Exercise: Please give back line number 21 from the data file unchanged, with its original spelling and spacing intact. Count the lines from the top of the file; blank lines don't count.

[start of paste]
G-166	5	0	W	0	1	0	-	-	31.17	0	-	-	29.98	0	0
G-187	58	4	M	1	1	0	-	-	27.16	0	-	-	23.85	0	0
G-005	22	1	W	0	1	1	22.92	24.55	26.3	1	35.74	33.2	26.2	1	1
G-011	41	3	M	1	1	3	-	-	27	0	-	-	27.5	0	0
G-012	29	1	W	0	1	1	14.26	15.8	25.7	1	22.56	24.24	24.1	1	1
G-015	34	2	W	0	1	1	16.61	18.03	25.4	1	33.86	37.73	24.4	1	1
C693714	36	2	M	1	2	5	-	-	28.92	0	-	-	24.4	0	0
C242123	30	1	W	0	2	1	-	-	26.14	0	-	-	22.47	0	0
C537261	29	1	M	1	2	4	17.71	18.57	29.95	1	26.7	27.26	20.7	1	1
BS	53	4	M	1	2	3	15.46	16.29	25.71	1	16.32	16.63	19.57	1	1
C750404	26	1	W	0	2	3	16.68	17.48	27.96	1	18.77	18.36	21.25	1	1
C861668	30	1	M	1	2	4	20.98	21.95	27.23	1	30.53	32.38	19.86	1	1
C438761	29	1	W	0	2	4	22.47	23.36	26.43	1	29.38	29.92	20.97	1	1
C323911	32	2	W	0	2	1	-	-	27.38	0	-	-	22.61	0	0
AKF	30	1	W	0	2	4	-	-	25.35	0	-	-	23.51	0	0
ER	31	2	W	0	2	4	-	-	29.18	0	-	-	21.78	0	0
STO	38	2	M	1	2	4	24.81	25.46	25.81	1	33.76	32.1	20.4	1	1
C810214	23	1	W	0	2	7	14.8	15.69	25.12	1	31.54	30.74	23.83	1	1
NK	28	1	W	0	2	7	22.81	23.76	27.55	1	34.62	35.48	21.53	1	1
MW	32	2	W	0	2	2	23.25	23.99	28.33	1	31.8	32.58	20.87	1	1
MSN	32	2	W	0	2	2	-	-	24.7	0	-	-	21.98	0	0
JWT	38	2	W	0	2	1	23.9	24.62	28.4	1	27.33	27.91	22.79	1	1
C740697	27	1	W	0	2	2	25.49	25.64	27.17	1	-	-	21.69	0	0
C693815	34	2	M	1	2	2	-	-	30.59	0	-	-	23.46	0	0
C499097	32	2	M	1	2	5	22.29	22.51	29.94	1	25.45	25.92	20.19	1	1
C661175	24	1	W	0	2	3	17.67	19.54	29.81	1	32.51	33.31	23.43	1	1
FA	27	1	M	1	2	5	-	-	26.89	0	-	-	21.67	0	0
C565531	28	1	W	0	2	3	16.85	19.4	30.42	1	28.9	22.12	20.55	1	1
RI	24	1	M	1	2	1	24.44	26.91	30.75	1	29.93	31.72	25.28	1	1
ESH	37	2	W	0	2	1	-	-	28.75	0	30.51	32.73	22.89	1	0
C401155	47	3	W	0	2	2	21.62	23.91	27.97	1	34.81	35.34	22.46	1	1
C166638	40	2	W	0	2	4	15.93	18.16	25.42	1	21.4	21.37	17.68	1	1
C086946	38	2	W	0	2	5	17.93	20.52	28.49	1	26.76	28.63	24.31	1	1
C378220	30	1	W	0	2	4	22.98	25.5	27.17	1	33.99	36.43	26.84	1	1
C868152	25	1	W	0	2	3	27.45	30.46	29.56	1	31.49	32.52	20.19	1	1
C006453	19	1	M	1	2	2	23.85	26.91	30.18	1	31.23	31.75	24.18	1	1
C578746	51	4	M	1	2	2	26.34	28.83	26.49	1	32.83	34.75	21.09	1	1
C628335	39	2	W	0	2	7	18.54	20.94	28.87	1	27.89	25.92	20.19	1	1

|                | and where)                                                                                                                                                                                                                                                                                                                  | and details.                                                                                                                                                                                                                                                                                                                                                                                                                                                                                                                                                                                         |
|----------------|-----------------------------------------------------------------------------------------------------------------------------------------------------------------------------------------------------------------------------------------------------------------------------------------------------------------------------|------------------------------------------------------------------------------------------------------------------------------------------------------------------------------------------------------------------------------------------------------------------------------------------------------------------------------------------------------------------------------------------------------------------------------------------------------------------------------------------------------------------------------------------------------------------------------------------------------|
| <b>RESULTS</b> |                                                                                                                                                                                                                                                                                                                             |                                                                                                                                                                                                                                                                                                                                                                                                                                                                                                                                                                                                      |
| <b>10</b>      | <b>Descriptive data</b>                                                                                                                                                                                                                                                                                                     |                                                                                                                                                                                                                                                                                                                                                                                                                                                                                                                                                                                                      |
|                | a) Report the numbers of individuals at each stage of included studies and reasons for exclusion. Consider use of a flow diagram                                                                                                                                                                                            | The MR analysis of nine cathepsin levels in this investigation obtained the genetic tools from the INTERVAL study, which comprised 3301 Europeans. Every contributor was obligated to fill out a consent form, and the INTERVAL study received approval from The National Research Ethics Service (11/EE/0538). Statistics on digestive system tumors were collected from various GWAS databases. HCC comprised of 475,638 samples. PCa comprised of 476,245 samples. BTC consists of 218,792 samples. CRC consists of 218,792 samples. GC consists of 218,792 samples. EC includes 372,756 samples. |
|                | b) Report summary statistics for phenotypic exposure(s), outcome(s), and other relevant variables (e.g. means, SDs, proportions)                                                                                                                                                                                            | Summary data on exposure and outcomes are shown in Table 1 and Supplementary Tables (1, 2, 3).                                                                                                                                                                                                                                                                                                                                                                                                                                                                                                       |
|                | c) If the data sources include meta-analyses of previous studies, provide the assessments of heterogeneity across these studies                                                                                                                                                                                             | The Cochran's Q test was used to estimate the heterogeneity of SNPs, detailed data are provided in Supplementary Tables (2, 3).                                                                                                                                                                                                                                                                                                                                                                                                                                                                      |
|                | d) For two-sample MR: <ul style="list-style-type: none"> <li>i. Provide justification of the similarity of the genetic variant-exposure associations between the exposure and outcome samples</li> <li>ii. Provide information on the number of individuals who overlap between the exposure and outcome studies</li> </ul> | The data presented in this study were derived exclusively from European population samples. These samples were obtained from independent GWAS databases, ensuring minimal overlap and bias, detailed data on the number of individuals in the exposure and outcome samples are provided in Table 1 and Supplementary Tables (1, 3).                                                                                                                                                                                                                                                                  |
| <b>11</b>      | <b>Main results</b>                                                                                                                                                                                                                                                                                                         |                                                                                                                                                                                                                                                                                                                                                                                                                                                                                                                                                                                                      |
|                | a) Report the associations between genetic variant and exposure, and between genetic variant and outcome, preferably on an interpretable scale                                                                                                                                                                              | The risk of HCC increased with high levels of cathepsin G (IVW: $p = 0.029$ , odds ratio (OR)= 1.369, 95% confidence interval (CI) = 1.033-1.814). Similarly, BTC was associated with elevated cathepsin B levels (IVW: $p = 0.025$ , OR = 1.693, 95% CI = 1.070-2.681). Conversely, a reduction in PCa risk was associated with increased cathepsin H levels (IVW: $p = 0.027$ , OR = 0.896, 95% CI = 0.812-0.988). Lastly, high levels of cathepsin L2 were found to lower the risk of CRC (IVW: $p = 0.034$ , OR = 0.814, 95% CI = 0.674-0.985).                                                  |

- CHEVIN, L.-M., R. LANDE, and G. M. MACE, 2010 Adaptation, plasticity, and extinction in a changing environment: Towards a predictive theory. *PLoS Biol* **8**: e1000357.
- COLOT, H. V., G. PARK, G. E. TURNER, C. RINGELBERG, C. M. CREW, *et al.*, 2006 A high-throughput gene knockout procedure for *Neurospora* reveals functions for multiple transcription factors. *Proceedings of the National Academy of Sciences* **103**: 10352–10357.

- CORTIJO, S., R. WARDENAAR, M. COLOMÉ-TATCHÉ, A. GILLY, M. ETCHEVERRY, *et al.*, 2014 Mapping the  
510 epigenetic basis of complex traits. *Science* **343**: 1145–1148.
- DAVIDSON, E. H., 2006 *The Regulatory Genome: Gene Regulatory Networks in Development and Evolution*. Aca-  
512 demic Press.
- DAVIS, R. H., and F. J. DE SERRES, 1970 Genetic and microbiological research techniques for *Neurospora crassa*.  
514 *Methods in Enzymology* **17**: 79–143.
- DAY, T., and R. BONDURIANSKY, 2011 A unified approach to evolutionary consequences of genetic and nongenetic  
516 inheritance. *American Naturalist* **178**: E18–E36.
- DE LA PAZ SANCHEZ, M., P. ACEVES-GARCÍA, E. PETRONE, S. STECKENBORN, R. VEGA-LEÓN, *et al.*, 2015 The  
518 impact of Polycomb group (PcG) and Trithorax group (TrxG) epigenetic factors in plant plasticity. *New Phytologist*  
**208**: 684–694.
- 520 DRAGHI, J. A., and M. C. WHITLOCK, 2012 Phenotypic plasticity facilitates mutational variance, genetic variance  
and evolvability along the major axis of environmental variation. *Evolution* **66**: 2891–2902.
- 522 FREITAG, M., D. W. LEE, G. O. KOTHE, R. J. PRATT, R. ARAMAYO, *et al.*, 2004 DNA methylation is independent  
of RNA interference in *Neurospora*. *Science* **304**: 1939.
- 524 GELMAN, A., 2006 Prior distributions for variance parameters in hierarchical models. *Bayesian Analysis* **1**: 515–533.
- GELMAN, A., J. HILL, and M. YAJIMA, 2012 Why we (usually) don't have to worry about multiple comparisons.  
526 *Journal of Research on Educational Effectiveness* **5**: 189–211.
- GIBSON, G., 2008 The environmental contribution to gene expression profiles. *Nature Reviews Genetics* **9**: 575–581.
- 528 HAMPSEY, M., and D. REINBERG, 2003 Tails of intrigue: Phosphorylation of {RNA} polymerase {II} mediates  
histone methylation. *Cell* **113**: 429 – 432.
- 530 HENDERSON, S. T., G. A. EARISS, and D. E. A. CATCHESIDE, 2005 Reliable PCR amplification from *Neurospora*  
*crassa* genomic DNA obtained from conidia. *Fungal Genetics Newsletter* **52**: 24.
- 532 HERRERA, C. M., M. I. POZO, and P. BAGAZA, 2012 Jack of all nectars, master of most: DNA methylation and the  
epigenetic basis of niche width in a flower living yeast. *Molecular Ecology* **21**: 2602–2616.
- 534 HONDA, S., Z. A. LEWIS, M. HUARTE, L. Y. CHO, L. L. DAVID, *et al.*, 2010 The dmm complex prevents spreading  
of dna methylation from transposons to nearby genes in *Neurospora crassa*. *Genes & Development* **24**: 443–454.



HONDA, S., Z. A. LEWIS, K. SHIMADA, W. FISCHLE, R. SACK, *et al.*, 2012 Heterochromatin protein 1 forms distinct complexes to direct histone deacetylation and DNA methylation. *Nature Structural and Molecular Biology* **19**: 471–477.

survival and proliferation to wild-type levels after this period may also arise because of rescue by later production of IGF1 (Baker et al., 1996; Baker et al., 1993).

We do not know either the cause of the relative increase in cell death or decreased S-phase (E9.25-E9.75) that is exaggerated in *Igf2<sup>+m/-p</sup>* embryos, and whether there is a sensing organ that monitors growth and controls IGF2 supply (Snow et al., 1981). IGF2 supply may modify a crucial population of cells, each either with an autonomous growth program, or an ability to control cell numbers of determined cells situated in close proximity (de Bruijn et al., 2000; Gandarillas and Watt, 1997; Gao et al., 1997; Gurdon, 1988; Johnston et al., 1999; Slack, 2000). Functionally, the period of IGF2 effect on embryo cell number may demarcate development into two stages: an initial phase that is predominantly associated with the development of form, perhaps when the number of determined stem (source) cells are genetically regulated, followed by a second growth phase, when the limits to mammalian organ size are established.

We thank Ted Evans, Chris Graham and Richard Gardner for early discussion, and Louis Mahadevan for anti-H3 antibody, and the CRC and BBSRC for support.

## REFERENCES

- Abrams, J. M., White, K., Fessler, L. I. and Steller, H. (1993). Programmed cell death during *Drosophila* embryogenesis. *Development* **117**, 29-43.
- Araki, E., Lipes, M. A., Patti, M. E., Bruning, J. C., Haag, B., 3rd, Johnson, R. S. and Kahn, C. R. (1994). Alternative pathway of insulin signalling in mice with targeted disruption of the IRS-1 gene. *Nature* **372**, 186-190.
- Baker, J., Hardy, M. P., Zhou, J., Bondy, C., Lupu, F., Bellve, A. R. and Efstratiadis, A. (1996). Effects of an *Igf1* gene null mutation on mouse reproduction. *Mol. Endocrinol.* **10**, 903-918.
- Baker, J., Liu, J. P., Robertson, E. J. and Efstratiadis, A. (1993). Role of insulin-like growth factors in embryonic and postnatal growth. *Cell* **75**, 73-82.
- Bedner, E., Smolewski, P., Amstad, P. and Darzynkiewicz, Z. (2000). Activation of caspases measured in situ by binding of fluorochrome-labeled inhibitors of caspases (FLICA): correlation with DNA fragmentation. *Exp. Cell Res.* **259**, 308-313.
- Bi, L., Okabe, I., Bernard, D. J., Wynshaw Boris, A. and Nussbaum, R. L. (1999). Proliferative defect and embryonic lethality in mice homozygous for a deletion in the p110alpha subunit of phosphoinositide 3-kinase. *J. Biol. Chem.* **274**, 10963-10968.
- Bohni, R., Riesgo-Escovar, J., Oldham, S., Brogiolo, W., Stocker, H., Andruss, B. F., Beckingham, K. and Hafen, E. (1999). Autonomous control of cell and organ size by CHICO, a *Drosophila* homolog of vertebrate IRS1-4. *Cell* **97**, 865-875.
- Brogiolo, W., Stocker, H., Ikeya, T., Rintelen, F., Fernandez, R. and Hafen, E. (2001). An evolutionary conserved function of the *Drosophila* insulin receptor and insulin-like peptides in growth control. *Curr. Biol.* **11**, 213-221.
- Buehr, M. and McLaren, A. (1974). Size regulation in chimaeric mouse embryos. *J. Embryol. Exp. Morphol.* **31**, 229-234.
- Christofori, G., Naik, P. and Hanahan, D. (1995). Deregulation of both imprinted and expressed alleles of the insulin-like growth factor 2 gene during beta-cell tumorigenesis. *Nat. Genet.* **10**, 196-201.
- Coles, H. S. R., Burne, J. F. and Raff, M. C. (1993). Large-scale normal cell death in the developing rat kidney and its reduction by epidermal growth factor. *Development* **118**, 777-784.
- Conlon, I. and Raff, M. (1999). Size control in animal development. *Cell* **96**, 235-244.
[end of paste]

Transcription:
MSN	32	2	W	0	2	2	-	-	24.7	0	-	-	21.98	0	0